Can we have our public health prevention stuff back in the stimulus, please?

Another broken irony meter. The Senate has removed two “questionable” items in the stimulus bill: $400 million for HIV/STI prevention and $75 million for smoking cessation services. Fortunately they are about to add $20-$30 billion in amendments for physical infrastructure.

Some of the smallest non-pork items in the entire stimulus bill were the resources devoted to under-funded public health projects. A trainload of studies backs up the cost-effectiveness of these interventions. They would support a public health enterprise that, by all accounts, is particularly challenged and under-funded as we leave the Bush years. Today’s Boston Globe/AP story reports without irony the following passage:

At the same time, Democrats have already dropped two questionable items in the plan – $75 million for smoking cessation programs and $400 million to slow the spread of HIV and other sexually transmitted diseases – from the most recent draft of the measure.

Democrats were prepared to offer amendments to add $20 billion to $30 billion more for infrastructure programs such as roads, bridges, mass transit, and water projects, said Senator Charles Schumer of New York.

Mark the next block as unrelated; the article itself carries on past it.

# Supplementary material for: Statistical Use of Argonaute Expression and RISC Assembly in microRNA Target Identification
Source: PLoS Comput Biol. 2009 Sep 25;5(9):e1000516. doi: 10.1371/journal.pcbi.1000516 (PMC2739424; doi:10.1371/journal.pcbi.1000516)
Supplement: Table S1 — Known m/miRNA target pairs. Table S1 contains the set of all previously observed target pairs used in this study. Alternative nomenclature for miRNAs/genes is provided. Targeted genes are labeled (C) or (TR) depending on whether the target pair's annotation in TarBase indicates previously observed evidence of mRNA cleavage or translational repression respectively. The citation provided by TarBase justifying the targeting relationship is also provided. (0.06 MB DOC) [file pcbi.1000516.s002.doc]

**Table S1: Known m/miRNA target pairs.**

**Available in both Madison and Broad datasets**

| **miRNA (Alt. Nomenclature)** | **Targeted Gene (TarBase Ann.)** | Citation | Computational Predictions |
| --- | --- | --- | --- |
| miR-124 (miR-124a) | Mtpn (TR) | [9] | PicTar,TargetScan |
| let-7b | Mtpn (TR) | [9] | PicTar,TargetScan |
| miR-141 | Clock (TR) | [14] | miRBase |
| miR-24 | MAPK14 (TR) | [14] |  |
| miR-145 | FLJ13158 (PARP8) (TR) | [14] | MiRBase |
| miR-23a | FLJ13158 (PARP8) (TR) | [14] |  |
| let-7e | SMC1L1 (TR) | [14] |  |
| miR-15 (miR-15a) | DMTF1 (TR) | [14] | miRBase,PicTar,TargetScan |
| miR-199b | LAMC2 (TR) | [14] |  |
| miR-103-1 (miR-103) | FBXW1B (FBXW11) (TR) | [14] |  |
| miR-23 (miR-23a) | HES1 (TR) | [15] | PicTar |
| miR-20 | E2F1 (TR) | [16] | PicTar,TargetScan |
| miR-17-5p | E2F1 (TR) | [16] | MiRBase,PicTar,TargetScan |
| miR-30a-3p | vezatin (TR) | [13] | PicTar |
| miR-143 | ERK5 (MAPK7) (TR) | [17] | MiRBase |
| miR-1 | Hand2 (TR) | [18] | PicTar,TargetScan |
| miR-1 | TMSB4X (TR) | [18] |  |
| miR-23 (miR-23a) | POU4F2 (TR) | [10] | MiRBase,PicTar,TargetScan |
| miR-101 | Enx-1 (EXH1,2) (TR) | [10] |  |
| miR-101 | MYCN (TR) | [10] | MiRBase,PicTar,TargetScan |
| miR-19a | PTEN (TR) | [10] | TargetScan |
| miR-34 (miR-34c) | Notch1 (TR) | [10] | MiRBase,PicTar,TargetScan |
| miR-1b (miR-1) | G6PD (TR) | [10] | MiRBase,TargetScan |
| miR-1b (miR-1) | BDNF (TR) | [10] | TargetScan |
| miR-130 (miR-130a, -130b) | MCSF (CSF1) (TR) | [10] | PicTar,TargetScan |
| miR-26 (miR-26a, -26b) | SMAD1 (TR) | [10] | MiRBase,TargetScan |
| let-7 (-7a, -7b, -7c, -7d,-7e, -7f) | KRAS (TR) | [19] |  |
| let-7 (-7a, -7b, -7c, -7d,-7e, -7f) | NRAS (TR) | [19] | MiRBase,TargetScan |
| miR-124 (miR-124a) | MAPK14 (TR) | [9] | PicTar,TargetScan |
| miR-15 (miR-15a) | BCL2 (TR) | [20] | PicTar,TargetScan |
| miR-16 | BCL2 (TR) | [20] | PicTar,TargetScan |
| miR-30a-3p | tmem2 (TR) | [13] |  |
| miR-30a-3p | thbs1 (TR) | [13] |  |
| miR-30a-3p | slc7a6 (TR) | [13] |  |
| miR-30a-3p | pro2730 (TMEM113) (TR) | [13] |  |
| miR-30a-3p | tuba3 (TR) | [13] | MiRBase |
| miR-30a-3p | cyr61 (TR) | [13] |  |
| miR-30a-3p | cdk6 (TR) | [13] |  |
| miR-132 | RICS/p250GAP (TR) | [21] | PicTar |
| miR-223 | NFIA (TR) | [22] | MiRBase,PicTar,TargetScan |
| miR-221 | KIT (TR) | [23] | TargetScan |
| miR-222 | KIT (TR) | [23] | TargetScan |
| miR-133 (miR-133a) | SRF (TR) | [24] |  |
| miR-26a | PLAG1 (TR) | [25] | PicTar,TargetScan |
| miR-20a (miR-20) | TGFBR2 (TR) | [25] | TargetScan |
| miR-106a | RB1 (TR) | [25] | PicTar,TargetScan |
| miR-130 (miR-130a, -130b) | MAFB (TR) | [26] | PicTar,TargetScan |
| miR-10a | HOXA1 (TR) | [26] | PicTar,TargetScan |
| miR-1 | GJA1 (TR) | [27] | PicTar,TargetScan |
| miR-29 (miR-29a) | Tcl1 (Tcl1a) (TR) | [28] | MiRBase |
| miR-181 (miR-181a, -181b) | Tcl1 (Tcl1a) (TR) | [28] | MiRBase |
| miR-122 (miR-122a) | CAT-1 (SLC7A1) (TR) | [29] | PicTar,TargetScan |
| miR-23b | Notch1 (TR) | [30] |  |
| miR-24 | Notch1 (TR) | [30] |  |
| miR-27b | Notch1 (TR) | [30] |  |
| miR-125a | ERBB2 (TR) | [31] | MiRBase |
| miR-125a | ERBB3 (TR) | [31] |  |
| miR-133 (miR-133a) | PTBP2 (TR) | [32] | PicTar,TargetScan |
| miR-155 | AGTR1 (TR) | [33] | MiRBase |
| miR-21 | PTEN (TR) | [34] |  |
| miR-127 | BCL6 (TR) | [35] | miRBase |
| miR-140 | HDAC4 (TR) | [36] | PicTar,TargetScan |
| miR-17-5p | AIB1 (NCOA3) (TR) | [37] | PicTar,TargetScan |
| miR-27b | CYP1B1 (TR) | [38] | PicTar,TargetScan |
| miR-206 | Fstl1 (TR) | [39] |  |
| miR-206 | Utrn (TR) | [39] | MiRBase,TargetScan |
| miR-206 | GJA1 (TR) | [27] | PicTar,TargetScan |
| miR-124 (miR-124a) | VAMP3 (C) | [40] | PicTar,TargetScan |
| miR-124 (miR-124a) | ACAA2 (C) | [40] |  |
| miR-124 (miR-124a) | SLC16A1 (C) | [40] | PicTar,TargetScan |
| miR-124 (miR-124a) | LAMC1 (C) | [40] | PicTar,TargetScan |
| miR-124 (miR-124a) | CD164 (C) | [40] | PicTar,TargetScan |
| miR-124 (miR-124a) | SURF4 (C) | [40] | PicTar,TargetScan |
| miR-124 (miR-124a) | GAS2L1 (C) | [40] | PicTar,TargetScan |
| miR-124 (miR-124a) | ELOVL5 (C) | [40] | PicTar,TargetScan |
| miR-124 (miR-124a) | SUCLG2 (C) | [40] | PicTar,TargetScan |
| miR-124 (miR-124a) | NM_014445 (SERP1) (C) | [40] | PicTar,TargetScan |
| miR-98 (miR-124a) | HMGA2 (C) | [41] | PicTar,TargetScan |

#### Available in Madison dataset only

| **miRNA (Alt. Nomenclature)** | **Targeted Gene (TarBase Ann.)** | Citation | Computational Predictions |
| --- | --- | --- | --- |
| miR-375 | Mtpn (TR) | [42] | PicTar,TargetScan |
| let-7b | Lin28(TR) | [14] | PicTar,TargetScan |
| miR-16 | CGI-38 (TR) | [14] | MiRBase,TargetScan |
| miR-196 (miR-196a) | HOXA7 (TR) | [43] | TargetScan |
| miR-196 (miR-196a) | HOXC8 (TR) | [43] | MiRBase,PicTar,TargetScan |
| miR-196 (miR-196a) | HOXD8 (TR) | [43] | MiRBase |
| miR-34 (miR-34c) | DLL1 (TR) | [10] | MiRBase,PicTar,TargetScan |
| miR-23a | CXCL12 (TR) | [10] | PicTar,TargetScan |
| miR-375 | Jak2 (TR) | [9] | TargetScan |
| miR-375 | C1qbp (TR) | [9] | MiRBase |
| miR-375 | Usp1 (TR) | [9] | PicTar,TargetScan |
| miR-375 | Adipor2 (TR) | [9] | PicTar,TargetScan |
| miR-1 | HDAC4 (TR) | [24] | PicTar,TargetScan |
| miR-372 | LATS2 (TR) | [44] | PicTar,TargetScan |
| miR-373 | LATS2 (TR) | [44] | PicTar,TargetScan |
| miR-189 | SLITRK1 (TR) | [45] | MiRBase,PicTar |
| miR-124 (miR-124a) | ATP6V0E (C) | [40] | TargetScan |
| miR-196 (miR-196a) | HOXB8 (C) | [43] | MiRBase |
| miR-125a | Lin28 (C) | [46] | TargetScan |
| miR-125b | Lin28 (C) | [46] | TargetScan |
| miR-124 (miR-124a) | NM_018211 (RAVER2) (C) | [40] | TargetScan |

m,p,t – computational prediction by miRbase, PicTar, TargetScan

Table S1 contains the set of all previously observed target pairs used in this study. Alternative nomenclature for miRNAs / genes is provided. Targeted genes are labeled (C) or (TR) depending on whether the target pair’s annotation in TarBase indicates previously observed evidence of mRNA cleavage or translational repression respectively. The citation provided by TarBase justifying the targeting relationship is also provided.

Raise your hand if you believe that the 11-figures of itty bitty items added in-amendment will prove less questionable than the offending public health items.

Author: Harold Pollack

Harold Pollack is Helen Ross Professor of Social Service Administration at the University of Chicago. He has served on three expert committees of the National Academies of Science. His recent research appears in such journals as Addiction, Journal of the American Medical Association, and American Journal of Public Health. He writes regularly on HIV prevention, crime and drug policy, health reform, and disability policy for American Prospect, tnr.com, and other news outlets. His essay, "Lessons from an Emergency Room Nightmare" was selected for the collection The Best American Medical Writing, 2009. He recently participated, with zero critical acclaim, in the University of Chicago's annual Latke-Hamentaschen debate.